Much clearly depends on the outcome of the negotiations and of the content of the repealing legislation. But it would be wise to make sure that the Government’s policy makers understand the risks of legal uncertainty for businesses, individuals and their lawyers, so that express provision can be made in the repealing legislation, if only for clarity’s sake.


The EEA Agreement: principles of EEA law

The EEA Agreement, often described as the ‘Norwegian model’ extends the Single Market to Norway, Liechtenstein and Iceland. This Monckton Brexit Blog post provides insights into the fundamental principles of EEA law and their role in achieving a level playing field across the Single Market.

To view the blog post written by Michael-James Clifton please click here.

State aid post-Brexit

In a blog on this site earlier this week, George Peretz QC discussed various possibilities for the State aid regime after Brexit. That piece, available here, has now been updated to include a discussion of the position of Switzerland.


As an area that has been a key EU competence, Brexit can be expected to have a considerable impact on competition policy. That point applies in spades in the area of State aid, which is entirely based on the EU Treaties and which is centrally enforced by the European Commission. As a matter of law, as soon as the United Kingdom ceases to be party to the Treaty on the Functioning of the EU, State aid law simply vanishes.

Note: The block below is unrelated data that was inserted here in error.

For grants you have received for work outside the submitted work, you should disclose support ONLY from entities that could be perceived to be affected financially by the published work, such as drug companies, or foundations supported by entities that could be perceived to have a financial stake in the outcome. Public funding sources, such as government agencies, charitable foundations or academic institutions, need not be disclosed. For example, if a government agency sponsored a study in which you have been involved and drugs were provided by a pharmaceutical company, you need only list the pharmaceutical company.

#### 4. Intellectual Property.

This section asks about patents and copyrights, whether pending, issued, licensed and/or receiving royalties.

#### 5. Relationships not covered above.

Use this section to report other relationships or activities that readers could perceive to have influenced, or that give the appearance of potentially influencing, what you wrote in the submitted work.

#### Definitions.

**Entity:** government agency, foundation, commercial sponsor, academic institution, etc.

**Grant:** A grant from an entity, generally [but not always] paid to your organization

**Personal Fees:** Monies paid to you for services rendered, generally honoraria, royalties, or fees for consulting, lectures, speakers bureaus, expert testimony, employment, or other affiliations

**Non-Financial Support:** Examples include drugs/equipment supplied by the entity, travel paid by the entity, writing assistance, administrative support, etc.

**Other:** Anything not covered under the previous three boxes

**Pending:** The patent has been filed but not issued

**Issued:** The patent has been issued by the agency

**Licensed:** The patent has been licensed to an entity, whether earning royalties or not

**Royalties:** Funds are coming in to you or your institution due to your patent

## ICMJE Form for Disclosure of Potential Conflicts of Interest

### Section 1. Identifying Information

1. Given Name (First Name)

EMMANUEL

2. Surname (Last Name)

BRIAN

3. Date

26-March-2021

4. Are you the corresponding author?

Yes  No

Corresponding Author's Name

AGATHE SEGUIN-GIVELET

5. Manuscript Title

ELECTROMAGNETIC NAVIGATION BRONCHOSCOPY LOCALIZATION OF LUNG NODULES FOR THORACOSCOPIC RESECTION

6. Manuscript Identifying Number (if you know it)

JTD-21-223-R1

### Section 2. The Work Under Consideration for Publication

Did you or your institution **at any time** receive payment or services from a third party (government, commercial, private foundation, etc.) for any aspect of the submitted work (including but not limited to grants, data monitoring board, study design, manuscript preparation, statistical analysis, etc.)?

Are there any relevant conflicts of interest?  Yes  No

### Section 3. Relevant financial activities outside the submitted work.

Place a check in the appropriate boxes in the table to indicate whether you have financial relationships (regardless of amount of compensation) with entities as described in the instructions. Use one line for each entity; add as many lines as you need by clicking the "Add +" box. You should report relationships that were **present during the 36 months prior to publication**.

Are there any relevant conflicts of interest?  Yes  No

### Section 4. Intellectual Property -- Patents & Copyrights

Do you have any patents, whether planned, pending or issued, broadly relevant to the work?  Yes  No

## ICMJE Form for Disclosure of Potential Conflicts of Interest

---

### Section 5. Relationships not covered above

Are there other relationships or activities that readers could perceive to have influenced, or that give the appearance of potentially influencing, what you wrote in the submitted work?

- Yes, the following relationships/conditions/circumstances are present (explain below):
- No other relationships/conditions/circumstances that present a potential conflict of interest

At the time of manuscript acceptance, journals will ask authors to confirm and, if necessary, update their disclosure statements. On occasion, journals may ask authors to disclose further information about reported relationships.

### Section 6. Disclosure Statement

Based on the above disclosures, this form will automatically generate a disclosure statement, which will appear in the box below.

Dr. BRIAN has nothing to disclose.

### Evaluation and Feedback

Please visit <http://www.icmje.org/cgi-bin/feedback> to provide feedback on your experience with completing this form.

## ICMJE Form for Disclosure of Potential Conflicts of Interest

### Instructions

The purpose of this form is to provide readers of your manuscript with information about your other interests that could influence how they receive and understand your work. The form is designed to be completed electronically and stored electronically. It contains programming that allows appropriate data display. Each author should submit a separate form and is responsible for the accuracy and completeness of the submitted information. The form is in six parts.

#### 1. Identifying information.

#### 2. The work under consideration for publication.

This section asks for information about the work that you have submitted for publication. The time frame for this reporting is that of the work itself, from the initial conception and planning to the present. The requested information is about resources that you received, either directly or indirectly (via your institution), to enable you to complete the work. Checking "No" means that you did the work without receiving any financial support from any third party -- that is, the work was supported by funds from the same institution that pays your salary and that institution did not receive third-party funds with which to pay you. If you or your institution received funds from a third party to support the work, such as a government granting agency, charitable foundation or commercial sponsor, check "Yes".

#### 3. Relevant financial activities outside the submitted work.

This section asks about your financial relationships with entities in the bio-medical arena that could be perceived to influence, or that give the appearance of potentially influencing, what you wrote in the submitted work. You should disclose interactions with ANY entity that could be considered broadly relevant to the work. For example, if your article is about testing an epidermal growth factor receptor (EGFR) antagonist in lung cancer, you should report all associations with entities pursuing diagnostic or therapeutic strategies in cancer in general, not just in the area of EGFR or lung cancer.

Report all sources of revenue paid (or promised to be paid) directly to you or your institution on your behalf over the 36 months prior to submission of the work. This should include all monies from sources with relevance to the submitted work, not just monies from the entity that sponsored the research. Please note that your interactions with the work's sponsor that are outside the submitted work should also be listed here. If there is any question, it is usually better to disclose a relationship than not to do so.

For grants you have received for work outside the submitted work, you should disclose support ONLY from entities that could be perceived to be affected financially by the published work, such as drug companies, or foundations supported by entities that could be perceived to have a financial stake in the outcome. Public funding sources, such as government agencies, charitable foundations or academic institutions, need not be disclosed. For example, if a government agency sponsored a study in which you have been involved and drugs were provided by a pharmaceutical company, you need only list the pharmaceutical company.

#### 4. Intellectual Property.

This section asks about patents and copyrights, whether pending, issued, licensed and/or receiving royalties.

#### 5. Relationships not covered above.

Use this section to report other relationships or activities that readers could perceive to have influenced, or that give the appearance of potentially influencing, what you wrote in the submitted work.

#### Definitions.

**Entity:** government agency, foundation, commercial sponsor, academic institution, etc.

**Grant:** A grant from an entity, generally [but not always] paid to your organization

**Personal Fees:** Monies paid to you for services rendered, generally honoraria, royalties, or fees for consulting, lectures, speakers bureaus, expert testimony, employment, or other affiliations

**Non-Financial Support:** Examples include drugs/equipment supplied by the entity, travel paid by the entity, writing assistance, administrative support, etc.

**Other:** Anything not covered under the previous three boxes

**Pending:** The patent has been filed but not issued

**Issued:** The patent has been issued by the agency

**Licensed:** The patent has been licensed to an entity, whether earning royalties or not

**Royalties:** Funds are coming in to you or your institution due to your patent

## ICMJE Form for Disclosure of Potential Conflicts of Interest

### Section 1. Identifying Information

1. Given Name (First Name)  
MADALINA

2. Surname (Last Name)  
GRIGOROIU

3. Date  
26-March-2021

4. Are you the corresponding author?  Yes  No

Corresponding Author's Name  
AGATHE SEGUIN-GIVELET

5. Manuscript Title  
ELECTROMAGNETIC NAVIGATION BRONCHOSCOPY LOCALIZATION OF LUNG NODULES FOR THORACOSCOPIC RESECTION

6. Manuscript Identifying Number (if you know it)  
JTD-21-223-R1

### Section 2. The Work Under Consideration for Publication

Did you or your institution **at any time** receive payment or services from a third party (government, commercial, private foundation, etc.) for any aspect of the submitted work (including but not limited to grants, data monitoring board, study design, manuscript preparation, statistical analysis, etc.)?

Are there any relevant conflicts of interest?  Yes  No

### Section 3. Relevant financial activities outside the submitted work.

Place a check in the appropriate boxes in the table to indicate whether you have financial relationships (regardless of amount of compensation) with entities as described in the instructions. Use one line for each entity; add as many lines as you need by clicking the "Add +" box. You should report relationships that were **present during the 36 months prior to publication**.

Or does it?

Over the next couple of weeks, David Unterhalter SC and I will blog about State aid post-Brexit. In this piece, I will cover State aid control in Europe outside the EU – in what Michael Gove, during the referendum campaign, described as the “free trade zone stretching from Iceland to Turkey that all European nations have access to, regardless of whether they are in or out of the euro or EU” – a zone in which he promised the UK would stay. In a second piece, David will explain WTO anti-subsidisation rules.

The obvious unknown element in thinking about the post-Brexit future of the State aid rules in the United Kingdom is the attitude the UK Government will take to those rules. In general, the United Kingdom has been strongly supportive of the State aid rules: and no UK Government since that of Mrs Thatcher has been in favour of State support to business in the absence of a good case for market failure. The United Kingdom has an excellent record of compliance with the State aid rules. Further, the consensus of responses to the Coalition Government’s review of the balance of competence between the EU and UK was that: –